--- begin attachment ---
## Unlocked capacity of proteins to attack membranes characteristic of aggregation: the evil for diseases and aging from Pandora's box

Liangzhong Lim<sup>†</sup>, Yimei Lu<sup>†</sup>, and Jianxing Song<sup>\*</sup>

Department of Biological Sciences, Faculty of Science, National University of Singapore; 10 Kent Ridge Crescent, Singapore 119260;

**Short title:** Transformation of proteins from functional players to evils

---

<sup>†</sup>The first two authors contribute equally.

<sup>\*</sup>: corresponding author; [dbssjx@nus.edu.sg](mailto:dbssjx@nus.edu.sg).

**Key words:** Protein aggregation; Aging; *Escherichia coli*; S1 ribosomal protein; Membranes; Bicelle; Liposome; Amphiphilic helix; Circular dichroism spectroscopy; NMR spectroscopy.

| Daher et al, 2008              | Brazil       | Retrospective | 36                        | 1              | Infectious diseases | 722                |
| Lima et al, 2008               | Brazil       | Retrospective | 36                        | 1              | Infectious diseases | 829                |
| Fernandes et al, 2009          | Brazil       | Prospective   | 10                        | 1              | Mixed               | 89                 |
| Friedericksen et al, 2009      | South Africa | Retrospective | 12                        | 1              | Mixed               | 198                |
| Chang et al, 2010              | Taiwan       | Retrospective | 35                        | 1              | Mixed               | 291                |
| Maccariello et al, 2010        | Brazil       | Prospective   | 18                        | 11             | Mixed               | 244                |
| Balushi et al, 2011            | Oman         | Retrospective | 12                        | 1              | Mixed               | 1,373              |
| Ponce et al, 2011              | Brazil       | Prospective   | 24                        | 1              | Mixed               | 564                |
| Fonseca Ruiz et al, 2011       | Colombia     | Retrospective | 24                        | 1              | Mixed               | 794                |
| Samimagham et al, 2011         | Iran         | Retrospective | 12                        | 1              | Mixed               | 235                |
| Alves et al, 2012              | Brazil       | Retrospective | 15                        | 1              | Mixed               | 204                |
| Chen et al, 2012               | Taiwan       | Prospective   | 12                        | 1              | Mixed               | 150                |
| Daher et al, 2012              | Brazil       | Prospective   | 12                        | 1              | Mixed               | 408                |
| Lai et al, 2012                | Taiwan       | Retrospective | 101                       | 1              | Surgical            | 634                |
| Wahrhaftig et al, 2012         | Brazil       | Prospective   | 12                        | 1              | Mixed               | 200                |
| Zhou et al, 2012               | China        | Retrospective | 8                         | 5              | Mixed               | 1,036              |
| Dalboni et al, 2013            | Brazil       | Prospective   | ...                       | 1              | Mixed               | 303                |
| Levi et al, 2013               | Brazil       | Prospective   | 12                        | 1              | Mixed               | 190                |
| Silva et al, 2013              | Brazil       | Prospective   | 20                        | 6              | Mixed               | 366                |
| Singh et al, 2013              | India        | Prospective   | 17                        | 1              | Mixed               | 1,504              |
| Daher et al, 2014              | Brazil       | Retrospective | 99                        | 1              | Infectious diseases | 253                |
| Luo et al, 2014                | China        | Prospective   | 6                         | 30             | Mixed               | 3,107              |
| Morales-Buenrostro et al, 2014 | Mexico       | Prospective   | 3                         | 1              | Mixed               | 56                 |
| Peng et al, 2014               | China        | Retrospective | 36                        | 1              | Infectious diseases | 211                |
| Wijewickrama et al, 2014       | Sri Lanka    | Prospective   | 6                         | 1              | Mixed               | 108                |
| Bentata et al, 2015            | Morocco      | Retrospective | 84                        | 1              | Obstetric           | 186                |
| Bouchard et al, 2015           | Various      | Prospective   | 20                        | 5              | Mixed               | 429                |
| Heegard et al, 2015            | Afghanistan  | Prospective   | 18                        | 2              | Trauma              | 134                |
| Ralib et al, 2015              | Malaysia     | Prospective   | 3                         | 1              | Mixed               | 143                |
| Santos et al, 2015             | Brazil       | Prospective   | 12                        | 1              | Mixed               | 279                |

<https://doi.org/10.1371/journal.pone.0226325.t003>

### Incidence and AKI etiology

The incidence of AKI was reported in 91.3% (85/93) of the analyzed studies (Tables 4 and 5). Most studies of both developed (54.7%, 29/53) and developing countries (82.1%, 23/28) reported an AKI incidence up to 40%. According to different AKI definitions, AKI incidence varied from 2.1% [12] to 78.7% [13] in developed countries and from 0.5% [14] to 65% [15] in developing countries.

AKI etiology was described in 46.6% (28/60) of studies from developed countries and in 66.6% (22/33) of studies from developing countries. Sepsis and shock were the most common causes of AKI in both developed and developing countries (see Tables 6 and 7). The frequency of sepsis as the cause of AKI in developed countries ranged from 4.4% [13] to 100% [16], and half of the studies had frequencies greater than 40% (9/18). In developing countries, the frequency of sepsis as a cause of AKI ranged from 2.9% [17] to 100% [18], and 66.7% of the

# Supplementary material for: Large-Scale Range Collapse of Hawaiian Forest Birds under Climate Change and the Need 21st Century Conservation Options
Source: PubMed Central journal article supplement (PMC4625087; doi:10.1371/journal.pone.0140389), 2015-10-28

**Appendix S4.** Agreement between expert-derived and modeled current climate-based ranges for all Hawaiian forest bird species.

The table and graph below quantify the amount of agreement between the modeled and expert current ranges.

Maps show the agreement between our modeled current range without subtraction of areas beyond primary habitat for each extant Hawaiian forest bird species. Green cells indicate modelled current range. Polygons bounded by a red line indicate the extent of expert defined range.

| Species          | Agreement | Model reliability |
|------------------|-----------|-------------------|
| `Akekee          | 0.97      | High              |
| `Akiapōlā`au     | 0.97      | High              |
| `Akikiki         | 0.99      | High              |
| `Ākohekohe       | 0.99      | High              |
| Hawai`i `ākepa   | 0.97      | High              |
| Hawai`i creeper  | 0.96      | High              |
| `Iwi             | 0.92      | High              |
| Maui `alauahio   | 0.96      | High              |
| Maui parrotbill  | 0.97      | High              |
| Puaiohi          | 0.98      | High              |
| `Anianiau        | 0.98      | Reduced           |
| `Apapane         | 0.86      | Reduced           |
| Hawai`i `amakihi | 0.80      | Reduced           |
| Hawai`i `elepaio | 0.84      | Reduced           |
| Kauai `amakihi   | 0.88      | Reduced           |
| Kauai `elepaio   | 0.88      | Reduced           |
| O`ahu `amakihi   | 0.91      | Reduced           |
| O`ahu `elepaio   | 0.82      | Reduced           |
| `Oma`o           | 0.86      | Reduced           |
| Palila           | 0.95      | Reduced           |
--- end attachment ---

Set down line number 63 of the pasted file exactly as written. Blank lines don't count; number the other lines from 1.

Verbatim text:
| Hawai`i `elepaio | 0.84      | Reduced           |